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Sarah Padoko of Malawi receives marriage and family, pastoral counseling award

by Louisville Seminary | Sep 16, 2010
Sarah Padoko is the 2010 recipient of the James A. Hyde Marriage and Family and Pastoral Counseling Theory & Practice Award. The award, which was presented September 9, 2010, at the opening convocation of the 2010-11 academic year, recognizes a student in Master of Arts in Marriage and Family Therapy (MAMFT) degree program at Louisville Presbyterian Theological Seminary for demonstrated excellence in their first full year of involvement in the clinical and academic components of the program.

The award was established in 2009 to honor Dr. James A. Hyde, who directed the Seminary’s nationally recognized Marriage and Family Therapy program from 2003 to 2007. Among many accomplishments during his tenure, Hyde helped expand academic and public recognition of the program through its faculty, student achievement, and contributions to regional and national judicatory bodies in the marriage and family therapy and pastoral counseling fields.

“When I heard my name called to receive the award, I was filled with joy and felt honored for something I did not expect. The award has set the bar higher for me, and I am grateful for the encouragement,” said Padoko, who is from Malawi and is a Louisville Seminary International Scholar in the Promise for Ministry Scholarships for Excellence program.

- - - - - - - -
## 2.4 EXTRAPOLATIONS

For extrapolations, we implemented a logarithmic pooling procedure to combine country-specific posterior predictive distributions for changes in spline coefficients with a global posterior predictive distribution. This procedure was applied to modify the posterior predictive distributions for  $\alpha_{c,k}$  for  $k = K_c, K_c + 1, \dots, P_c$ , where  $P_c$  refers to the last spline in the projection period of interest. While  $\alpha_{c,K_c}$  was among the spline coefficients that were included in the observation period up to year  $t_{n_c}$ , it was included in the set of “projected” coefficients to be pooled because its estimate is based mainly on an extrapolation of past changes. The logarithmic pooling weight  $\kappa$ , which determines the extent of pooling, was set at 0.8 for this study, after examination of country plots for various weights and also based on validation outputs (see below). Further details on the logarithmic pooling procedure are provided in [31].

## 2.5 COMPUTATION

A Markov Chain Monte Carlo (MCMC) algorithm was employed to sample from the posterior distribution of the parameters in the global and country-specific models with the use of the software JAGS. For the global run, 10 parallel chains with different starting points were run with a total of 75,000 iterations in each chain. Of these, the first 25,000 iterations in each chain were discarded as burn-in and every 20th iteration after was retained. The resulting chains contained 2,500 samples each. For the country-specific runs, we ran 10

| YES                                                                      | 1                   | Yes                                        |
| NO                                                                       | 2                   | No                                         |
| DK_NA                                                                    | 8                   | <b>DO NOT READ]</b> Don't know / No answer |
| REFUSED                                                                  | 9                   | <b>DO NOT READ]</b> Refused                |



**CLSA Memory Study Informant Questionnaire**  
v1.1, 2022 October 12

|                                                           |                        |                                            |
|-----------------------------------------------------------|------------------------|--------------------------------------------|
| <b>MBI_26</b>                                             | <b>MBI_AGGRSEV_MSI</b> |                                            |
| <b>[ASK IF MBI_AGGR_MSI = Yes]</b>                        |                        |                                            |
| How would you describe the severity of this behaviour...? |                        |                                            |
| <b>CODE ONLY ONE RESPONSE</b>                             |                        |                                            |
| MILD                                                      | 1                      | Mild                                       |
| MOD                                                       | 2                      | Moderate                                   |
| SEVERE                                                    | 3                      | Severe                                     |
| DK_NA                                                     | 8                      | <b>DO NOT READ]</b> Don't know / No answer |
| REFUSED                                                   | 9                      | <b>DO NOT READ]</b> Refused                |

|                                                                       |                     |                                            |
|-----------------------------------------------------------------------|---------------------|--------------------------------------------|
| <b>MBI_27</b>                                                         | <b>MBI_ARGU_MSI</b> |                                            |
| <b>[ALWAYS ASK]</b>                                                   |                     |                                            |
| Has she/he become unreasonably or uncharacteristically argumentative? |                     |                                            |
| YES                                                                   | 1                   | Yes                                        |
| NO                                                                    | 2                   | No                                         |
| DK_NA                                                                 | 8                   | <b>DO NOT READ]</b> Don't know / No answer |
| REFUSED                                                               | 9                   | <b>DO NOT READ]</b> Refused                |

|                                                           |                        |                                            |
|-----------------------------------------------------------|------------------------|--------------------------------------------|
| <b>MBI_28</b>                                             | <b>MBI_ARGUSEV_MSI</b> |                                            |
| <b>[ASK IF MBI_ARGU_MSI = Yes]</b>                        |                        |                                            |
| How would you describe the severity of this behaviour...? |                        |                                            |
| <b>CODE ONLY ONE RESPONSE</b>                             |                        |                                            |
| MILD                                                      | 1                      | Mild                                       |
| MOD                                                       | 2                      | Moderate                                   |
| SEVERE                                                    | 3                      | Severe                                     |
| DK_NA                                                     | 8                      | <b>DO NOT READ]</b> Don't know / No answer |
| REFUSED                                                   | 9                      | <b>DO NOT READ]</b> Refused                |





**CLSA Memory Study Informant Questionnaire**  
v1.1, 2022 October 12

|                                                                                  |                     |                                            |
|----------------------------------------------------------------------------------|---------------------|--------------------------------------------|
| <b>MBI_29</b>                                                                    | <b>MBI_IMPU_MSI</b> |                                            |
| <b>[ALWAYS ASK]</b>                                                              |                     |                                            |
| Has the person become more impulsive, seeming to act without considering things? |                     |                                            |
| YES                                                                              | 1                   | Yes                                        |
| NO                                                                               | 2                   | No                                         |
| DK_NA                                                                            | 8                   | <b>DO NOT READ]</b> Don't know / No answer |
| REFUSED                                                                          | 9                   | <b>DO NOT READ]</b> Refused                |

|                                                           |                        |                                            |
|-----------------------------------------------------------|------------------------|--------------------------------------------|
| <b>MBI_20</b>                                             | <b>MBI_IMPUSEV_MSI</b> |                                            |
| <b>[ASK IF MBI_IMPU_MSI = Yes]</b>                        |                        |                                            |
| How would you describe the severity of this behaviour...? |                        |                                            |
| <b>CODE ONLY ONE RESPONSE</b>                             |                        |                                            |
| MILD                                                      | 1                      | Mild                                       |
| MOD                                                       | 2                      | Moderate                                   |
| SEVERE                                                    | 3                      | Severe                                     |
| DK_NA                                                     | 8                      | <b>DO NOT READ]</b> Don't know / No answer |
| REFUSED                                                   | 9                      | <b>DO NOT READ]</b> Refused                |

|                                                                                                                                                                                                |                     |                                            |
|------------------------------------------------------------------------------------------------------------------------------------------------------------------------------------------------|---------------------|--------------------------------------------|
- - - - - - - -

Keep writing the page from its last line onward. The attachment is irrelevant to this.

Padoko sensed a call to ministry in pastoral counseling after working with people who were struggling with HIV/AIDS in her country. In 1999, she and her husband, Fletcher Padoko, established Kasupe Ministries in Lilongwe, Malawi, to help improve the living standards of their village through household food security, spiritual direction, health care, HIV/AIDS programs, and education. Today, their ministry assists more than 1,200 orphans and individuals whose lives have been impacted by the HIV/AIDS epidemic.

“I felt the need to help these people more than what I was doing,” said Sarah, who experienced the economic and emotional challenges first-hand.

She learned about the marriage and family therapy program at Louisville Seminary through her husband, who earned his Master of Arts (Religion) degree at the seminary while she managed Kasupe Ministries. In 2009, following his graduation, she enrolled in the Seminary’s program, confident that it could help her think theologically on different issues that people face in life.

“The MAMFT program at LPTS is important to me because Malawi, and Africa as a whole, needs skilled therapists in the field who will help counsel people in a professional way, and I am being trained to be one of them.

“I have experienced, as well as witnessed, the results caused by brokenness. I have empathized with those who have lost hope. I have also experienced the change that can take place when one is going through a difficult situation. Both experiences have given me the desire to minister to the hurting as well as to those who are the most vulnerable in society. I want to be used by God to give hope in situations that seem hopeless. My desire is to show others that God is real and cares about God’s creation. I want to be able to offer the hope of Christ to the people I serve––not just meet temporary physical or emotional needs,” she explains.

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As part of the fall convocation, prizes were also presented to students for their exemplary work in theology; biblical studies; and practical theology.

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